Nationally, trucking firms contribute $12.1 billion of the total dollars going into the federal Highway Trust Fund, or about 30.6 percent of the total $39.5 billion in Trust Fund revenues.[30] In terms of revenues assigned to the Highway Account ($32.1 billion), as opposed to the mass transit account, the trucker contribution is equal to 37.7 percent of highway account revenues. These trucker taxes were in the form of diesel taxes (73.4 percent), retail taxes (15.3 percent) and use/tire taxes (11.3 percent). While these are the best numbers available, it should be noted that commercial truck gasoline taxes are excluded from the above figures, but that registration fees include some commercial pickup trucks. A somewhat better measure of the contribution of heavy trucks can be found in the data on national average federal taxes charged on a typical 5-axle, 80,000 pound GVW tractor-trailer combination truck. For a typical 80,000 pound GVW tractor-trailer combination truck the federal highway taxes average $8,959 per year.[31]

The trucking industry also makes major contributions to the revenues of state road funds. Across the 50 states, excluding gasoline taxes on light trucks, the trucking industry contributes $15 billion, with half of that in diesel taxes, and 36 percent in truck registration fees.[31] The figures exclude gasoline taxes on commercial trucks, but include registration fees on all commercial trucks including pickups. As with the federal taxes, a better measure of the contribution of heavy trucks can be found in the data on national average state taxes charged on a typical 5-axle, 80,000 pound GVW tractor-trailer combination truck. These taxes relate primarily to state diesel tax, registration fees and weight fees. On average, heavy trucks paid $4,930 each per year in state charges, including an average $1,672 in registration fees and $2,935 in fuel taxes.[33]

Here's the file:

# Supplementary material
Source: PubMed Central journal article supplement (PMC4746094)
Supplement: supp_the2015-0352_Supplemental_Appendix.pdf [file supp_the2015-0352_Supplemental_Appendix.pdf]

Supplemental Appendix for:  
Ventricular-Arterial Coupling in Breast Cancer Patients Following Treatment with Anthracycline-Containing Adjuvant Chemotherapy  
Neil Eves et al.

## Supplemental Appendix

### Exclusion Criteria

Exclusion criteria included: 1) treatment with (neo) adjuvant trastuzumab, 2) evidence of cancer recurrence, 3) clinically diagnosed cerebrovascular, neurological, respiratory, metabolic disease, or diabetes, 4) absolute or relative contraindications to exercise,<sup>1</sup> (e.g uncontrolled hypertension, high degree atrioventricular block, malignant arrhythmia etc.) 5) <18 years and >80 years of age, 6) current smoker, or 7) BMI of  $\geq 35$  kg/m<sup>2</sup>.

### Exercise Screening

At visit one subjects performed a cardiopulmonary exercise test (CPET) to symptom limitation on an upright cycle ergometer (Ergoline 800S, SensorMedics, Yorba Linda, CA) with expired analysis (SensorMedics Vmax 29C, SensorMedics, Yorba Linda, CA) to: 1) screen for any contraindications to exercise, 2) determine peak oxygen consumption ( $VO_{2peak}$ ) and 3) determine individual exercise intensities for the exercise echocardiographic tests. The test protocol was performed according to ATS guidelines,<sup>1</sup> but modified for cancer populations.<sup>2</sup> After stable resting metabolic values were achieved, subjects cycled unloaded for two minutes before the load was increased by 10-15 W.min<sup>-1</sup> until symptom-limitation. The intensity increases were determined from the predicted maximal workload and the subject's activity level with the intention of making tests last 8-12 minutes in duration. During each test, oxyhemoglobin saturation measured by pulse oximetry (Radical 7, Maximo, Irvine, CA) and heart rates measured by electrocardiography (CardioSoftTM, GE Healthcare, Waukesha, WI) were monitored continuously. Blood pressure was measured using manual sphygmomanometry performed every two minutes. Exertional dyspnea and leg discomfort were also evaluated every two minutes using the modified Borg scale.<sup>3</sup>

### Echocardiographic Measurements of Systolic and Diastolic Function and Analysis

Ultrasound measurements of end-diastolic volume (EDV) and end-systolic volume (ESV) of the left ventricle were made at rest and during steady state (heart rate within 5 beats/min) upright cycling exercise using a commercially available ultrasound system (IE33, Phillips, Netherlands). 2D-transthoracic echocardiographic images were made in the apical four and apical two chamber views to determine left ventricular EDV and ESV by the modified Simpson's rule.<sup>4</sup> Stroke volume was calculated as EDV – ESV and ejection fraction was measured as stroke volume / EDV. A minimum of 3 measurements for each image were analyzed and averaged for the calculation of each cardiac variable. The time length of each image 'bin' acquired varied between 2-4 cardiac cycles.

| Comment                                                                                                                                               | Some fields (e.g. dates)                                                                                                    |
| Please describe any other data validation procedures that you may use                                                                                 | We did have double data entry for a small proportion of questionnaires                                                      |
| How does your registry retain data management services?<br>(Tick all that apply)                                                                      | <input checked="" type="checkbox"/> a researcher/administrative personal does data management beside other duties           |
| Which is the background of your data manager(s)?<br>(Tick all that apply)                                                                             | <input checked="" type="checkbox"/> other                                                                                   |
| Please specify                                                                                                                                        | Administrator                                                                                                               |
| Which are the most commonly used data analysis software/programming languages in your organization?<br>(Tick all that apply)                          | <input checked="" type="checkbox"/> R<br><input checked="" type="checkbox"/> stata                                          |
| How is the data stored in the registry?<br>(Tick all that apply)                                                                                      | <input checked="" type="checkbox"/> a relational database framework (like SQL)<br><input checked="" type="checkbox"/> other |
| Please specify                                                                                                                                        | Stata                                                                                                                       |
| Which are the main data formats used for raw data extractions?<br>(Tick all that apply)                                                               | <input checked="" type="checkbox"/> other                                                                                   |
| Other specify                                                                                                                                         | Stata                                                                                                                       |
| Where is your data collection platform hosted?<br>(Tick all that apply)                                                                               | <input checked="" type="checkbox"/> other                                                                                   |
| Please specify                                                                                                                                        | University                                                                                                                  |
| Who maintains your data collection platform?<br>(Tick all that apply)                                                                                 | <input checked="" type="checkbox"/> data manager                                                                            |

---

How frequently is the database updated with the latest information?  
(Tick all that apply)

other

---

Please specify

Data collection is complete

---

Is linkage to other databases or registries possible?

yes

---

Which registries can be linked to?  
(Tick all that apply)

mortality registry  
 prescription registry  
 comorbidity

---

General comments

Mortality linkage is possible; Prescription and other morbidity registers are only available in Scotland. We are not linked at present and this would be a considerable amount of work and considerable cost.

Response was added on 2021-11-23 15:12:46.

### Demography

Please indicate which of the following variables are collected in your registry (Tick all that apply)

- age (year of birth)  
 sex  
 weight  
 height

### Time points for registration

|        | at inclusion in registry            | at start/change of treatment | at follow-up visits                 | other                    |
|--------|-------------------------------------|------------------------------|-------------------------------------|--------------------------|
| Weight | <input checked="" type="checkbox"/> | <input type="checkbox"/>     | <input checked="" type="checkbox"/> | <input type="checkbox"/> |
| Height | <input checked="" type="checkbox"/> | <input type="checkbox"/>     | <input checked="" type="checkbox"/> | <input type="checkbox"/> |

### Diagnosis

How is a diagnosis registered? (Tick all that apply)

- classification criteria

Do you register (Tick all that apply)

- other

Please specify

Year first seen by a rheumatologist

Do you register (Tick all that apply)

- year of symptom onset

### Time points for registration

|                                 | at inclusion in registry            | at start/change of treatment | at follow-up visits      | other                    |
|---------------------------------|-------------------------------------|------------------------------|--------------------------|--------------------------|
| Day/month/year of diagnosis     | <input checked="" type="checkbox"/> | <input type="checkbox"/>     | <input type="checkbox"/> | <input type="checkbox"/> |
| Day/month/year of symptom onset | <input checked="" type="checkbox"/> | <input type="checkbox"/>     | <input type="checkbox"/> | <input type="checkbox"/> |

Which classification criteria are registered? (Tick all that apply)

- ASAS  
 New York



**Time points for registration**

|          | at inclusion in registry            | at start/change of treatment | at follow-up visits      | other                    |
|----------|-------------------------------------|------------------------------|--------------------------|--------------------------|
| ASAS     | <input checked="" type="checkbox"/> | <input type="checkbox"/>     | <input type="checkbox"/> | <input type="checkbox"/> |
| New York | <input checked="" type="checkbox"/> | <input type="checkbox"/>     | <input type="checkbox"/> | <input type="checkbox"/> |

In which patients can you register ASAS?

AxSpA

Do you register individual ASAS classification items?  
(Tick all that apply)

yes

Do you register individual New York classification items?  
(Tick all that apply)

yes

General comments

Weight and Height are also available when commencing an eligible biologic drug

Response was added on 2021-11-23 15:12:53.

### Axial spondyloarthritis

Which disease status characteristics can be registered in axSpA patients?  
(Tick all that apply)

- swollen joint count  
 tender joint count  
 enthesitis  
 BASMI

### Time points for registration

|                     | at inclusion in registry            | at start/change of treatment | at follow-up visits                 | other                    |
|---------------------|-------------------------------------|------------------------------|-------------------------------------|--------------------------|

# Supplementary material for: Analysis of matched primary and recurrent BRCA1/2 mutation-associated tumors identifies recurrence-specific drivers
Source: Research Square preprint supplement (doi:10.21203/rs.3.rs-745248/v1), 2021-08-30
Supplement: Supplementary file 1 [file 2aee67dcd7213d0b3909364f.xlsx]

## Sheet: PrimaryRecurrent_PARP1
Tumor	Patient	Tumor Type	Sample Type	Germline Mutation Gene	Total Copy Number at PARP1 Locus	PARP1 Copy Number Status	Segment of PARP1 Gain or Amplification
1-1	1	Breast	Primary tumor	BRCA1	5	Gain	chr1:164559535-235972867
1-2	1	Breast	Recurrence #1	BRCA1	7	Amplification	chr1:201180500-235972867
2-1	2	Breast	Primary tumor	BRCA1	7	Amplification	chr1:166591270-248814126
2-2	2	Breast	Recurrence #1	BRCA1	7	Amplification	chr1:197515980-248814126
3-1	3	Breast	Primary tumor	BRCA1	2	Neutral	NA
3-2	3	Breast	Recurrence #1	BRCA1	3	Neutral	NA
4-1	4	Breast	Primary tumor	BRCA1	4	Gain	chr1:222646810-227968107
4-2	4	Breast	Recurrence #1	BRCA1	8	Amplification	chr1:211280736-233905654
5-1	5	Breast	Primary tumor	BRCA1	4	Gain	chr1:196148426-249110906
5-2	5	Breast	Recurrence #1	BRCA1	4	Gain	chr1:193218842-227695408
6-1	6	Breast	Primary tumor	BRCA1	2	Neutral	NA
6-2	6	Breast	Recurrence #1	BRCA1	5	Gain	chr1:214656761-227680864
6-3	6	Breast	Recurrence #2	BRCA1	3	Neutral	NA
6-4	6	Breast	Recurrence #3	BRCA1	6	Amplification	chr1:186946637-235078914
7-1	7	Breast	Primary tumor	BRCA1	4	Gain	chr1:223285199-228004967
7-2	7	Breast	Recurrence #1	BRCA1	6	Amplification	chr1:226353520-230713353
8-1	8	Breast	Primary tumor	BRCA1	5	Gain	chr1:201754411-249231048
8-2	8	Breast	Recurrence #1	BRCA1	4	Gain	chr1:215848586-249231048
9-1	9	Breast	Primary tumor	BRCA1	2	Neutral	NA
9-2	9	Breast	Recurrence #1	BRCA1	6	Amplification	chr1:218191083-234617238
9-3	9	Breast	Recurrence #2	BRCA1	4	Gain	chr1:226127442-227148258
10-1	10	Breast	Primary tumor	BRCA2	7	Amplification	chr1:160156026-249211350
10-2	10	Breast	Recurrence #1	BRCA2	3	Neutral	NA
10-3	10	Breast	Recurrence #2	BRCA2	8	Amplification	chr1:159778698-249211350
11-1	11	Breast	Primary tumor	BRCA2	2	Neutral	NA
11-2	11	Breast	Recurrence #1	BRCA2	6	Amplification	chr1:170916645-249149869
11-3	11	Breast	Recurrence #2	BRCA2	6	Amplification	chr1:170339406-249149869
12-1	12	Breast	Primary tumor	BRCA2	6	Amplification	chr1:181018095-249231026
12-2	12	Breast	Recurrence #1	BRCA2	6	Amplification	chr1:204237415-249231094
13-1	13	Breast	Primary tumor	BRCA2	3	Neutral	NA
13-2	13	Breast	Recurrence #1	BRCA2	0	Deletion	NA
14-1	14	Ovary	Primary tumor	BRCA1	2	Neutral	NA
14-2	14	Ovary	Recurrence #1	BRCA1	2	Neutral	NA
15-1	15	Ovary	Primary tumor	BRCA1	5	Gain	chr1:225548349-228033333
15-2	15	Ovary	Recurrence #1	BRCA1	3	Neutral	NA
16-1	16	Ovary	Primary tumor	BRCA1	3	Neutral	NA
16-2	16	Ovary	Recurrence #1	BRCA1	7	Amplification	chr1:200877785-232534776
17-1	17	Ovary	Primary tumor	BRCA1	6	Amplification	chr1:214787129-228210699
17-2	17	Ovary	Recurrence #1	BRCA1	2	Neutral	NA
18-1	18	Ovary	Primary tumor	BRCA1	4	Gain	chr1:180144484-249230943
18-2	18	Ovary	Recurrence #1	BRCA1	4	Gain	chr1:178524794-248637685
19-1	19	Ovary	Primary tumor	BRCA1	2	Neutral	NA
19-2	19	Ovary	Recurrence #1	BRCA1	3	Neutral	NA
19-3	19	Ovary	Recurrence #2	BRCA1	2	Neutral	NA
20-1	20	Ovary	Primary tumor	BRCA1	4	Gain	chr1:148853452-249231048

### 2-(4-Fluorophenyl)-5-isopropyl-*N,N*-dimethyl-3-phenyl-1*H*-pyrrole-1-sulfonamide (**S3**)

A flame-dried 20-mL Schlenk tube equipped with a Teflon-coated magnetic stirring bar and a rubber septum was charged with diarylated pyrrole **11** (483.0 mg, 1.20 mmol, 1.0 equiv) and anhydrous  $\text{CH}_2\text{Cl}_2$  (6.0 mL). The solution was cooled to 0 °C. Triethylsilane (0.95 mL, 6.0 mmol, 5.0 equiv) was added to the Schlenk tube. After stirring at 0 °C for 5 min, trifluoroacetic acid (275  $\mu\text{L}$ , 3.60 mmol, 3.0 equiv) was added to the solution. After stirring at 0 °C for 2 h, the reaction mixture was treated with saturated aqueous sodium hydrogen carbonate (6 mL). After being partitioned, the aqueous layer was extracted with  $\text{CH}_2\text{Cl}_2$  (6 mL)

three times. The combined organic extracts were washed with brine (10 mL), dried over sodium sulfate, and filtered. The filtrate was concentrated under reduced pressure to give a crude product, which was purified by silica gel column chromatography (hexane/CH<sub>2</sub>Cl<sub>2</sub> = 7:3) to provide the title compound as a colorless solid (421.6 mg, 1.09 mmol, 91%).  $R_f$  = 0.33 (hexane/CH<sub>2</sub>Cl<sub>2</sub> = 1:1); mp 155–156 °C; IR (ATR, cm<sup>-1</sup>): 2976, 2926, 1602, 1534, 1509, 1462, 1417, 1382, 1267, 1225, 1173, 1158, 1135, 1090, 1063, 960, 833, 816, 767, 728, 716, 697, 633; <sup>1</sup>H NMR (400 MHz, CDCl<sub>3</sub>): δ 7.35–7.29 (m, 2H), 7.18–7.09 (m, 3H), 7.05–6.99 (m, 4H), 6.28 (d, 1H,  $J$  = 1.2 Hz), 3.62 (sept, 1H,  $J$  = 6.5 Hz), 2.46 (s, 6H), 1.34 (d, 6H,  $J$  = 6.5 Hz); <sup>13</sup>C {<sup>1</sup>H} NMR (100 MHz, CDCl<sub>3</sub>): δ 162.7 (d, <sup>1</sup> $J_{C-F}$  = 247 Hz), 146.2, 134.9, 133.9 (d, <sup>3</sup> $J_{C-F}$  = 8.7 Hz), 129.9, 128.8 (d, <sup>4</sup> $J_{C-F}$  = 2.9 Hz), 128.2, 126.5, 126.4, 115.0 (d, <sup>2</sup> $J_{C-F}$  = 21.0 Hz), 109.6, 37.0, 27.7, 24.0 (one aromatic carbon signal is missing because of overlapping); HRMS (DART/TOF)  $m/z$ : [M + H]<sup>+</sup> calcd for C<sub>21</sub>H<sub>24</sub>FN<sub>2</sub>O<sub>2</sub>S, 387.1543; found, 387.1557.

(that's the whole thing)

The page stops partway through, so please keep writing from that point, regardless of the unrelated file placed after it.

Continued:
On average, a typical 80,000 pound GVW tractor-trailer truck pays $13,889 per year in truck highway taxes according to the above data. A hypothetical auto owner driving 20,000 miles per year at 25 mpg, and paying $100 in registration fees, ends up paying about $397 per year. So on average, looking at federal and state taxes, a tractor-trailer combination trucks pay about 35 times what a typical auto would pay based on national averages.

Turning to Michigan more specifically, the state last raised its registration fees for heavy trucks in 1997, when they were increased by 30 percent, but has not raised the diesel tax since 1984. Including adjustments to the diesel discount made in 1996, and the 1997 registration fee increases, truck taxes increased by about $70 million from 1996 to 1998.[34] While a typical 80,000 pound GVW truck began paying $1,793 in registration fees in 1997, a 100,000 pound truck was increased to $2,223, and a maximum weight truck over 160,000 pounds was increased to $3,117.[35]

Based on the Nevada Trucking Association’s (NTA) rankings of truck registration and diesel taxes, the average 5-axle tractor-trailer pays $4,830 in Michigan, excluding sales taxes.[36] These taxes include $1,699 in registration fees and $3,131 in diesel taxes. The numbers reflect a correction of the Michigan diesel rate from the 27.7 cents reported by the NTA, to the more accurate rate of 15 cents given that none of the reported rates appear to include sales tax. After making this adjustment, Michigan ranked 43rd amongst the states on the combined registration and diesel taxes. For the neighboring states, the combined truck taxes are $10,597 in Illinois (3rd nationally), $7,789 in Indiana (16th), $7,216 in Ohio (20th) and $8,933 in Wisconsin (7th). So Michigan’s truck taxes going to road upkeep are quite low relative to other states. No combined tax data including sales taxes could be found.